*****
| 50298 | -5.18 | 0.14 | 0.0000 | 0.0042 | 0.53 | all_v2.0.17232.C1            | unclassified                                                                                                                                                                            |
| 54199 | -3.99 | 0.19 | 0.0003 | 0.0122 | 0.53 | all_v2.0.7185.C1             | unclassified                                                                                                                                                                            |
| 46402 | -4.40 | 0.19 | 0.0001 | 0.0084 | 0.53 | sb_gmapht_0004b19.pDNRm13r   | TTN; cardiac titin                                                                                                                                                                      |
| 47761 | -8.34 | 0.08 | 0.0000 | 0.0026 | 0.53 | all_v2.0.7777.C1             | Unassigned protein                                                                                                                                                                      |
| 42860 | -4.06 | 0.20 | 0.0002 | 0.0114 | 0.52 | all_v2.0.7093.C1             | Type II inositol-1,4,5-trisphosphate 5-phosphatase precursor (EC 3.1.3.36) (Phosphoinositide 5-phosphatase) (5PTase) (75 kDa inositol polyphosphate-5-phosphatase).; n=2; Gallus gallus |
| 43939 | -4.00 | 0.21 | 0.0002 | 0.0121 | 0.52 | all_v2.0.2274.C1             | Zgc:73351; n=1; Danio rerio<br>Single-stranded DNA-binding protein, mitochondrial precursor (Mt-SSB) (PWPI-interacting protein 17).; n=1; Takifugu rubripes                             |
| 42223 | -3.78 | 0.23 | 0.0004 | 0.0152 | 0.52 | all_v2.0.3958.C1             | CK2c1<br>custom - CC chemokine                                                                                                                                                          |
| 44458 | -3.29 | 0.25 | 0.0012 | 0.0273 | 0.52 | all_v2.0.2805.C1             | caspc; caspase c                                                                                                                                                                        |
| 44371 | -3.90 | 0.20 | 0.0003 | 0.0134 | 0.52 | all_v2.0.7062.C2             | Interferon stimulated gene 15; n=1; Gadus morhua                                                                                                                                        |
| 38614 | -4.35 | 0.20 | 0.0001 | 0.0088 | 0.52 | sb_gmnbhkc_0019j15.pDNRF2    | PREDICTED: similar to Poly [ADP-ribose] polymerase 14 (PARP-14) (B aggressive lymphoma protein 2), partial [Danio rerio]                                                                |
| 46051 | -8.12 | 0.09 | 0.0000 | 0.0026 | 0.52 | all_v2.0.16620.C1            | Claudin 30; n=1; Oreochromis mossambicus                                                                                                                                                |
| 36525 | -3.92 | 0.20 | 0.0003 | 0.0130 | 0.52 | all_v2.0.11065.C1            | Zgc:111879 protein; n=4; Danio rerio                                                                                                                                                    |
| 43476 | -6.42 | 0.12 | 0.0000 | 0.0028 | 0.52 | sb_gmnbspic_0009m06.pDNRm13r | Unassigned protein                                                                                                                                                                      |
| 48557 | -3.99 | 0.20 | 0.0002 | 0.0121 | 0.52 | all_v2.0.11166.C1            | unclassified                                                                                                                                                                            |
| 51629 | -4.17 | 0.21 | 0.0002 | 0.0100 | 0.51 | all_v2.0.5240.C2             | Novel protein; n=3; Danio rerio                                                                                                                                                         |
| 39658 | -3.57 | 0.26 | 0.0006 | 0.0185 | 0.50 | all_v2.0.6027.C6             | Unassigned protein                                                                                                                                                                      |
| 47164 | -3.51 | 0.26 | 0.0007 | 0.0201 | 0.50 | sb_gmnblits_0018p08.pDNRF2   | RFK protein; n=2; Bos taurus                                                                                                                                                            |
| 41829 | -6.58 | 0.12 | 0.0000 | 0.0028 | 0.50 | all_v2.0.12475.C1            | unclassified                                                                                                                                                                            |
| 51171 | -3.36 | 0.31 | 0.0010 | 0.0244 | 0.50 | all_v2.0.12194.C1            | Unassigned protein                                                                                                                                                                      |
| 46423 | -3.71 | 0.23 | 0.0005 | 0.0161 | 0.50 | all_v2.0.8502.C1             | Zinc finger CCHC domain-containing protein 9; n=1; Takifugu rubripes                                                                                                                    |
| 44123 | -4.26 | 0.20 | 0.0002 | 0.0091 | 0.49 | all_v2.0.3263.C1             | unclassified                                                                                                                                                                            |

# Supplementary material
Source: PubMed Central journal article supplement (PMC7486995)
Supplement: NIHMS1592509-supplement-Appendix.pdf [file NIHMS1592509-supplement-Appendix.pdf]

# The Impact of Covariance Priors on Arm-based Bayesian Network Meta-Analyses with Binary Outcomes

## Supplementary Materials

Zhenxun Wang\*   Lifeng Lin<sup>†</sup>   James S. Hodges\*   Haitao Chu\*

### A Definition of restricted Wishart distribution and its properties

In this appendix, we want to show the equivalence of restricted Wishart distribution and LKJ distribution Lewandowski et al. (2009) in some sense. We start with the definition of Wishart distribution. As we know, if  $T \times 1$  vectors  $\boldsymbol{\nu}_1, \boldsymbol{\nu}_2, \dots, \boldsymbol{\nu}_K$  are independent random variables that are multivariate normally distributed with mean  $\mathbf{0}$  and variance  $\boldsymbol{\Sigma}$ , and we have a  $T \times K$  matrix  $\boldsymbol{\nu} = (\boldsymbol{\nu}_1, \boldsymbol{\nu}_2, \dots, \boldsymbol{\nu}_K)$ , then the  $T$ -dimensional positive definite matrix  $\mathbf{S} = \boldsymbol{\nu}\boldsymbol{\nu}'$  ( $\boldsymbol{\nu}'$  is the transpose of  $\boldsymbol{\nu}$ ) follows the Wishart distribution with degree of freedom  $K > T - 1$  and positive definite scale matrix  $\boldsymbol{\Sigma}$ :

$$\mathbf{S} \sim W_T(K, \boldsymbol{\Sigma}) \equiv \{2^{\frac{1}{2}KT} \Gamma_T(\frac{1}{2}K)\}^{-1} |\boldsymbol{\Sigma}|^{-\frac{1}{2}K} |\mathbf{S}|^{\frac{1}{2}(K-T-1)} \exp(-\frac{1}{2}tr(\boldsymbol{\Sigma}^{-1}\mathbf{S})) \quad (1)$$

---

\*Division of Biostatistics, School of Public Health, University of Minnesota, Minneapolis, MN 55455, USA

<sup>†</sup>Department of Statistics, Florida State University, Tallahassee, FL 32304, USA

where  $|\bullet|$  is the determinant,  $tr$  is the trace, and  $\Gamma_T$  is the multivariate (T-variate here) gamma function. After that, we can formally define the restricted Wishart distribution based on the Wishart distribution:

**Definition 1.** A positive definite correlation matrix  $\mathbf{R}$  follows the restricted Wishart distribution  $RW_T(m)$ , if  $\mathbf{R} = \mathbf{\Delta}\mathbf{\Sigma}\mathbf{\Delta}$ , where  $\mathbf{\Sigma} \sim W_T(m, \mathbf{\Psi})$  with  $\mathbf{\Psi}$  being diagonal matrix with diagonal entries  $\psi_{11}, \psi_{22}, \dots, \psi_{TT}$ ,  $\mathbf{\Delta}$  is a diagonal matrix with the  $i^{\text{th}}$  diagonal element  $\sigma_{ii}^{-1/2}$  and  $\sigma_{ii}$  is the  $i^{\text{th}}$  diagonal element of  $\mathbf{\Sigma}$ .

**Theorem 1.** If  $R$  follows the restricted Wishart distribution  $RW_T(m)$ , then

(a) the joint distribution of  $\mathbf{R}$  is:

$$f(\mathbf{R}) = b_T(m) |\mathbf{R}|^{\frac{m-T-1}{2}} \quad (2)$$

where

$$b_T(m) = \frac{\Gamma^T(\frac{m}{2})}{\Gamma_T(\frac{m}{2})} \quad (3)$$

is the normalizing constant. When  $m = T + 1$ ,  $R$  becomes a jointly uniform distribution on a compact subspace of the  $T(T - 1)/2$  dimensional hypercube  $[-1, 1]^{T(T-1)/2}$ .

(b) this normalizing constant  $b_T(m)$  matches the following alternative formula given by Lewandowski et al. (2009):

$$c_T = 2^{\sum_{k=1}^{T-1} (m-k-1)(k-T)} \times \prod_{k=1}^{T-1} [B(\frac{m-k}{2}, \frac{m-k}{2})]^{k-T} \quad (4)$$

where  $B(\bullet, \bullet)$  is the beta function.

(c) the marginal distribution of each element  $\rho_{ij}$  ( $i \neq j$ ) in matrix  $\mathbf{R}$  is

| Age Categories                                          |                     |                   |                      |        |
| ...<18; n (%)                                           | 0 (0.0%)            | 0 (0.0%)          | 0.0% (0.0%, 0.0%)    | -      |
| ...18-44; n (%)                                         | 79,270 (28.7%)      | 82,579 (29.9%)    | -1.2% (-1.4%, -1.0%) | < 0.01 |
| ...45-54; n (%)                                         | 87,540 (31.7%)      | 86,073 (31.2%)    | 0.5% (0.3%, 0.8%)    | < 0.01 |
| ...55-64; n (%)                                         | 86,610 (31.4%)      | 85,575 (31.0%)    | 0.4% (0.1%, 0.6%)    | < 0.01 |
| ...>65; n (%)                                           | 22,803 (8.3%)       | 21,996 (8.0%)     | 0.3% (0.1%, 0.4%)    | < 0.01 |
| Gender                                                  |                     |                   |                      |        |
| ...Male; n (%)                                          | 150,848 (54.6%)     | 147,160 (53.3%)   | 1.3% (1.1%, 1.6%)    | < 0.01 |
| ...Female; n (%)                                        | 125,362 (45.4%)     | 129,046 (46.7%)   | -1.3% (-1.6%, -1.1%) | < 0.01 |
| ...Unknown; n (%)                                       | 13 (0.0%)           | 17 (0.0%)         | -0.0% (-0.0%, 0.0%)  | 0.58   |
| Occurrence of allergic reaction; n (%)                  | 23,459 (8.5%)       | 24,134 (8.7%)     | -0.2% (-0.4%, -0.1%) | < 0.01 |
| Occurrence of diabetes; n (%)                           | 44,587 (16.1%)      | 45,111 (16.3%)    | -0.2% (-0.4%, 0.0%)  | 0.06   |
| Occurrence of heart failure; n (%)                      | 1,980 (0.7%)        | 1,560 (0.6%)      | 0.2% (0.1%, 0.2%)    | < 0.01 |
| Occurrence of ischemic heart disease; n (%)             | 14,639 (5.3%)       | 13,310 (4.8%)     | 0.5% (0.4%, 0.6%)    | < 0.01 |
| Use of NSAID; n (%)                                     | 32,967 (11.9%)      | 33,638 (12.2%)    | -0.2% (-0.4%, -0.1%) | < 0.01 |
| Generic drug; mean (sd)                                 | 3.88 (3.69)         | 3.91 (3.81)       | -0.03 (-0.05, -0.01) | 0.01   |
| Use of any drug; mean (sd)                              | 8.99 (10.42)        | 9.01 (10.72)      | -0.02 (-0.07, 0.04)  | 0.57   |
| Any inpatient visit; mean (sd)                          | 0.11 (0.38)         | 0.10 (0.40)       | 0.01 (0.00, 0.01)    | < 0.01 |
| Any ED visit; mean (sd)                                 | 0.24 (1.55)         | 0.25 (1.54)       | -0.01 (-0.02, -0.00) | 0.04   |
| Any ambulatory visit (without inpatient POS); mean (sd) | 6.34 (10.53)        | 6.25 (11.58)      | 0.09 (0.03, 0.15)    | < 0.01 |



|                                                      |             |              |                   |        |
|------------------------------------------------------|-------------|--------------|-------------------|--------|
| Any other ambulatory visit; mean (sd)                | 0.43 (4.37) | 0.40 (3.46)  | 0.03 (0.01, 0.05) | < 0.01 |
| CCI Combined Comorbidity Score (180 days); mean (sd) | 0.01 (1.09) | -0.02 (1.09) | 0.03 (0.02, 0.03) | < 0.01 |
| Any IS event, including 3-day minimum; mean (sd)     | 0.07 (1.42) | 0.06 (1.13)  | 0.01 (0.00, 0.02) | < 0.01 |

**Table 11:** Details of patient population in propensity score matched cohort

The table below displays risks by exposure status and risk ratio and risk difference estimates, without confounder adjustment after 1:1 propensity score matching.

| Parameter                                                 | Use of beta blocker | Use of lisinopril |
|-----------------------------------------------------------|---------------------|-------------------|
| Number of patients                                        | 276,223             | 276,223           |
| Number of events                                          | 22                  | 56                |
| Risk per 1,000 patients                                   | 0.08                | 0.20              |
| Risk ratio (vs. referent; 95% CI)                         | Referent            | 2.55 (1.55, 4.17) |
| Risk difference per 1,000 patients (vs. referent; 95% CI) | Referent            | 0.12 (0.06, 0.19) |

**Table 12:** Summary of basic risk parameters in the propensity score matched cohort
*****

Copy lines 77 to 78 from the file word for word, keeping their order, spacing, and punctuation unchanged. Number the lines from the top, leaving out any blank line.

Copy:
| Risk per 1,000 patients                                   | 0.08                | 0.20              |
| Risk ratio (vs. referent; 95% CI)                         | Referent            | 2.55 (1.55, 4.17) |